“Teo, Teo, Teo,” Álvaro sings into the phone. “You’re not going to believe what I did today. Even after I tell you you’re still not going to believe it.” His voice is all keyed up, like he’s calling to tell me it’s my turn to collect on la tanda.
Chingao, I think. Now what?
“You remember Lupe? Chick with the green eyes, used to live over on Flamenco?”
“Yeah, I think so.”
“You think so, güey? Don’t even try that shit with me, Tadeo! You know exactly who I’m talking about. You lusted after her for literally years of your life.”
“So what about her, güey?”
“What about her? What about her? Just that she lives in Campestre. And her hijo de papi husband had a new dishwasher delivered this morning. And because he was at work and couldn’t let the delivery guy in himself, he left the key at the guardhouse Left it, as a matter of fact, in the filthy brown hand of one Álvaro Hernán Rodriguez Mendoza.”
“How come you’re just now telling me she lives in Campestre, culero?”
“That’s beside the point.”
“What is the point?”
“The poooint,” he says slowly and emphatically, like Father Juan when he’s about to crack a joke and wants to make sure the congregation’s listening, “is that right at this moment I happen to be holding a copy of your girl Lupe’s patio key that nobody but you and me even knows exists. Sometimes,” he finishes expansively, “life is too beautiful to be believed.” He takes a hard drag off his cigarette, then adds, “You’re welcome.”
“Piss off,” I say. I imagine him sitting in the guardhouse, the white shirt of his uniform all wilted in the heat, greasy smudges around his lips, and his fingertips stained Dorito-orange. Then, because these are our last few weeks together, I add, “And thanks,” before I hang up.
In point of fact, Álvaro was wrong about one thing. It was never lust with Lupe. It went deeper than that, so deep that when she married her rich lawyer and got the hell out of Tepeyac, I was glad. I felt nothing but happiness for her. You don’t envy the angels.
Later, when Álvaro brings over the key, I pat him on the head and tell him what a good boy he’s been.
“Chinga tu madre,” he grins, his silver tooth gleaming under the naked lightbulb.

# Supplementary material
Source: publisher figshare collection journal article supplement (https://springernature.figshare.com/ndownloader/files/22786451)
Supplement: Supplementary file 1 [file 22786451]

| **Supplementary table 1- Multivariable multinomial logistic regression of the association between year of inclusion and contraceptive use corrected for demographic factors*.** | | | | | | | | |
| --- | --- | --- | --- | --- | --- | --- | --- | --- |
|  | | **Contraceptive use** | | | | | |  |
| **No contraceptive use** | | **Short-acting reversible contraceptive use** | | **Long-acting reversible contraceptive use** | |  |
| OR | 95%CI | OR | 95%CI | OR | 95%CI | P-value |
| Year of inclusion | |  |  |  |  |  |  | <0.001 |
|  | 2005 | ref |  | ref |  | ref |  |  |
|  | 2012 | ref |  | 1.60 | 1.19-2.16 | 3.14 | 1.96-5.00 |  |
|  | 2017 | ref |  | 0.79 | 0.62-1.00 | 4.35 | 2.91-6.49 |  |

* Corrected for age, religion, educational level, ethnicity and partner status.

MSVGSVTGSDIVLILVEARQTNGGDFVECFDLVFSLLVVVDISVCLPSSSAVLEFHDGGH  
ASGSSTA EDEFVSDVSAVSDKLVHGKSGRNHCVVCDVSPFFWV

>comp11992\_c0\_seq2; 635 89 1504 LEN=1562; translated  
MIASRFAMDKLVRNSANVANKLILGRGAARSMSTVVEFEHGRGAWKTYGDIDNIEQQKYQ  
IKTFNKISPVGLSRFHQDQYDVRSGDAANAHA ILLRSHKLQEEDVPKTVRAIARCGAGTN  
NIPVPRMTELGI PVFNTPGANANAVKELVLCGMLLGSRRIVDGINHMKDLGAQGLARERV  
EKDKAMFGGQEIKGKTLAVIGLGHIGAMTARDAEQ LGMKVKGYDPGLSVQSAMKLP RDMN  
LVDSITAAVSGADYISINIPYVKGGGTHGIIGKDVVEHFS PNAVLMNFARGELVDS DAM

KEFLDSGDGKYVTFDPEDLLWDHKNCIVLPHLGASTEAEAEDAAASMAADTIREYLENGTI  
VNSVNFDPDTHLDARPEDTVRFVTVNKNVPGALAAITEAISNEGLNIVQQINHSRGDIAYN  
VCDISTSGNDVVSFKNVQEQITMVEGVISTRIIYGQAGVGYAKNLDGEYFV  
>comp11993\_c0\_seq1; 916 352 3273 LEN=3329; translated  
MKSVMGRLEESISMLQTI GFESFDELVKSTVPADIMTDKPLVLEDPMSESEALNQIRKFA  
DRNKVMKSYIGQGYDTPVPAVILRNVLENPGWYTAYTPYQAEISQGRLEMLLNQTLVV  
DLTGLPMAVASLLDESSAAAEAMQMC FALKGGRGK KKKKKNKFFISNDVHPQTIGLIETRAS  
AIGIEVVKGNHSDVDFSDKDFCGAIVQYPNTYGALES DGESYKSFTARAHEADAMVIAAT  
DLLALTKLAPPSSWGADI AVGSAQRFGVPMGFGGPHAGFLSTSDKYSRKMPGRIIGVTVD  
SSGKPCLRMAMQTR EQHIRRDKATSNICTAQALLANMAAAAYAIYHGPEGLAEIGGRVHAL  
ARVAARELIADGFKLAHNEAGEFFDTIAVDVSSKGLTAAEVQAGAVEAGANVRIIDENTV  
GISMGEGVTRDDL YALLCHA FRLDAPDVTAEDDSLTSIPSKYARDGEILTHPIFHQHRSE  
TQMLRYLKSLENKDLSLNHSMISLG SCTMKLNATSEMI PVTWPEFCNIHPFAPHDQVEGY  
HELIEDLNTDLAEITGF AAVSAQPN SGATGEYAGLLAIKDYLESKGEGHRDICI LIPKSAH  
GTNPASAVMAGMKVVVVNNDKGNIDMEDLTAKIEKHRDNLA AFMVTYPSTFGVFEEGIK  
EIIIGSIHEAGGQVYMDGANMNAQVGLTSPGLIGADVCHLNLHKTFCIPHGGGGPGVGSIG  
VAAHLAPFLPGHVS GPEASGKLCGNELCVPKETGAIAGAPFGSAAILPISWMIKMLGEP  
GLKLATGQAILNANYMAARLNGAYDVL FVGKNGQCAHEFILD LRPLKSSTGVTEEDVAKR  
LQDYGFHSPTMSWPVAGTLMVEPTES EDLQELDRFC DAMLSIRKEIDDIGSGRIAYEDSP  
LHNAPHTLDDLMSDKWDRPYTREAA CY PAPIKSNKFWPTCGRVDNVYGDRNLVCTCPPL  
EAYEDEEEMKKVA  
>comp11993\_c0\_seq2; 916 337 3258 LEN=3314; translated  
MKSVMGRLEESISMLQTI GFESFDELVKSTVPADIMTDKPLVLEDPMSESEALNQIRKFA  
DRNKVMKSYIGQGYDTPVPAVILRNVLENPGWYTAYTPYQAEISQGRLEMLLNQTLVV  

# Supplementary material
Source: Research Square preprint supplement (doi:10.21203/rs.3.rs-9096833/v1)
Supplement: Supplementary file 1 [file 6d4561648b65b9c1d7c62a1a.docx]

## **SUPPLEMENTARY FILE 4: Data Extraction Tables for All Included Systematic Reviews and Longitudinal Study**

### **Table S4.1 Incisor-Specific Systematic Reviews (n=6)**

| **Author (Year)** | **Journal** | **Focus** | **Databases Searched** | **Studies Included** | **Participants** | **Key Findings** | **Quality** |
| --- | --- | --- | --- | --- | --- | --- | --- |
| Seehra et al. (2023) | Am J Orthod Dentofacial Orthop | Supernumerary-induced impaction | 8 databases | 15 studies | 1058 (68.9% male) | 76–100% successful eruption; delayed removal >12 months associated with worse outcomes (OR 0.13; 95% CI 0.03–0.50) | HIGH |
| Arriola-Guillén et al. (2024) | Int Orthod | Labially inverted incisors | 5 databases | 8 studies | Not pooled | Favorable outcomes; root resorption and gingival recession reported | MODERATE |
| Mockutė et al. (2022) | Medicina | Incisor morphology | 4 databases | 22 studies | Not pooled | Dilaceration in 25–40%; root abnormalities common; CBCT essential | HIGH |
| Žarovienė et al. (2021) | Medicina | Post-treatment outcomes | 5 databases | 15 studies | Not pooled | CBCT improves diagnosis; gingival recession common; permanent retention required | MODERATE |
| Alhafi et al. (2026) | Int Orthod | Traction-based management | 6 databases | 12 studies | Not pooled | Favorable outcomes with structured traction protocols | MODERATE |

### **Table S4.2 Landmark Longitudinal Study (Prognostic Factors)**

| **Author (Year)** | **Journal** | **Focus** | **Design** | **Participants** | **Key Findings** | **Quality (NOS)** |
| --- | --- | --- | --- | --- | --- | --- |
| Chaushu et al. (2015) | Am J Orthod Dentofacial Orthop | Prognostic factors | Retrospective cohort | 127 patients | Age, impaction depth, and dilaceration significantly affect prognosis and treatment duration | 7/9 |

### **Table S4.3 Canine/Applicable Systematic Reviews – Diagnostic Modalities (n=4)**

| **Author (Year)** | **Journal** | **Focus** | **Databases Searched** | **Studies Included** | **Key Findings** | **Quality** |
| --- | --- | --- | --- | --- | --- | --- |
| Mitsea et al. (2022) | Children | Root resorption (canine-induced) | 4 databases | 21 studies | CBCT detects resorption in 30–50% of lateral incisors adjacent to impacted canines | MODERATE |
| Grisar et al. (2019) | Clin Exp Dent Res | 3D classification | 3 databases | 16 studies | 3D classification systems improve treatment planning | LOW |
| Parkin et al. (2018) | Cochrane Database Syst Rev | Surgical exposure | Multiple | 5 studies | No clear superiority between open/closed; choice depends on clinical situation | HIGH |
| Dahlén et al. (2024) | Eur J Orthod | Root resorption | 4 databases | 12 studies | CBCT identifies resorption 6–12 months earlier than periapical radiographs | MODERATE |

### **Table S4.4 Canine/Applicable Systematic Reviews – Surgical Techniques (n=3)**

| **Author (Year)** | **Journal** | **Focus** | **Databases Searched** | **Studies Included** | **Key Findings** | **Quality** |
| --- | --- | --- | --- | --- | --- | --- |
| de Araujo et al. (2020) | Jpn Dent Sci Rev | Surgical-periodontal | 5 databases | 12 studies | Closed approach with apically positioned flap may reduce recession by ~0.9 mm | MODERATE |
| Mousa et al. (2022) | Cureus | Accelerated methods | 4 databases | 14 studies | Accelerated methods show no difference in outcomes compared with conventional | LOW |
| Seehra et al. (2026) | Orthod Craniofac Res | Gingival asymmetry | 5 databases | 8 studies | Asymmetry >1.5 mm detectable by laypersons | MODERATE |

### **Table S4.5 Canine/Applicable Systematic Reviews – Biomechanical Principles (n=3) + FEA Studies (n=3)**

“Sit down,” I tell him. “Want a cheve?” I’ve already bought the beers; they’re waiting, cold and golden, in the fridge.
“Need you ask?”
I spit through the bars of the rusty front gate into the patch of sand where the sidewalk’s broken. My chair creaks grudgingly when I stand up. One day, I think, this thing is going to fall to pieces when someone sits on it. I step onto the cement block and through the open doorway of the kitchen.
By the time the beer’s converted itself into a humming tingle that stretches its way outward from my stomach to my limbs, I’ve got it all worked out: what the key means, why fate brought it to me. Muñeca watches, her ears up, eyes shifting from me to Álvaro. I swear, sometimes it’s like she’s reading my mind. I look away.
When we’re alone again I turn off the patio light and slide down onto the cool concrete floor beside her. For an instant an image leaps into my mind: the bloody, moaning ball of fur I pulled from a tangle of barbed wire up at the goat farm. You saved her life, the vet said, once he’d finished sewing her back together.
“Muñeca,” I whisper, my eyes closed. I push my face against her neck and breathe in the close, doggy smell of her flesh. “It’s our lucky day, chica.”
For two weeks I wear the key on a red string around my neck, right over my heart. Then, on October 28th, I light a candle for Saint Jude and call Álvaro.
“Today,” I tell him.
It’s like slicing warm butter: Álvaro in his uniform, official, unassailable. The silent house and patio. We’re in and out before you can say Campestre. In Tepeyac there would have been forty witnesses, but los riquillos like their space. They want to feel like they live in the middle of a fucking forest.
When it’s over, Álvaro throws an arm around my shoulder and pats his wallet pocket. “I got the cheves tonight, güey.”
I want to say something, to thank him—for this, and for everything—but my throat’s too tight to speak.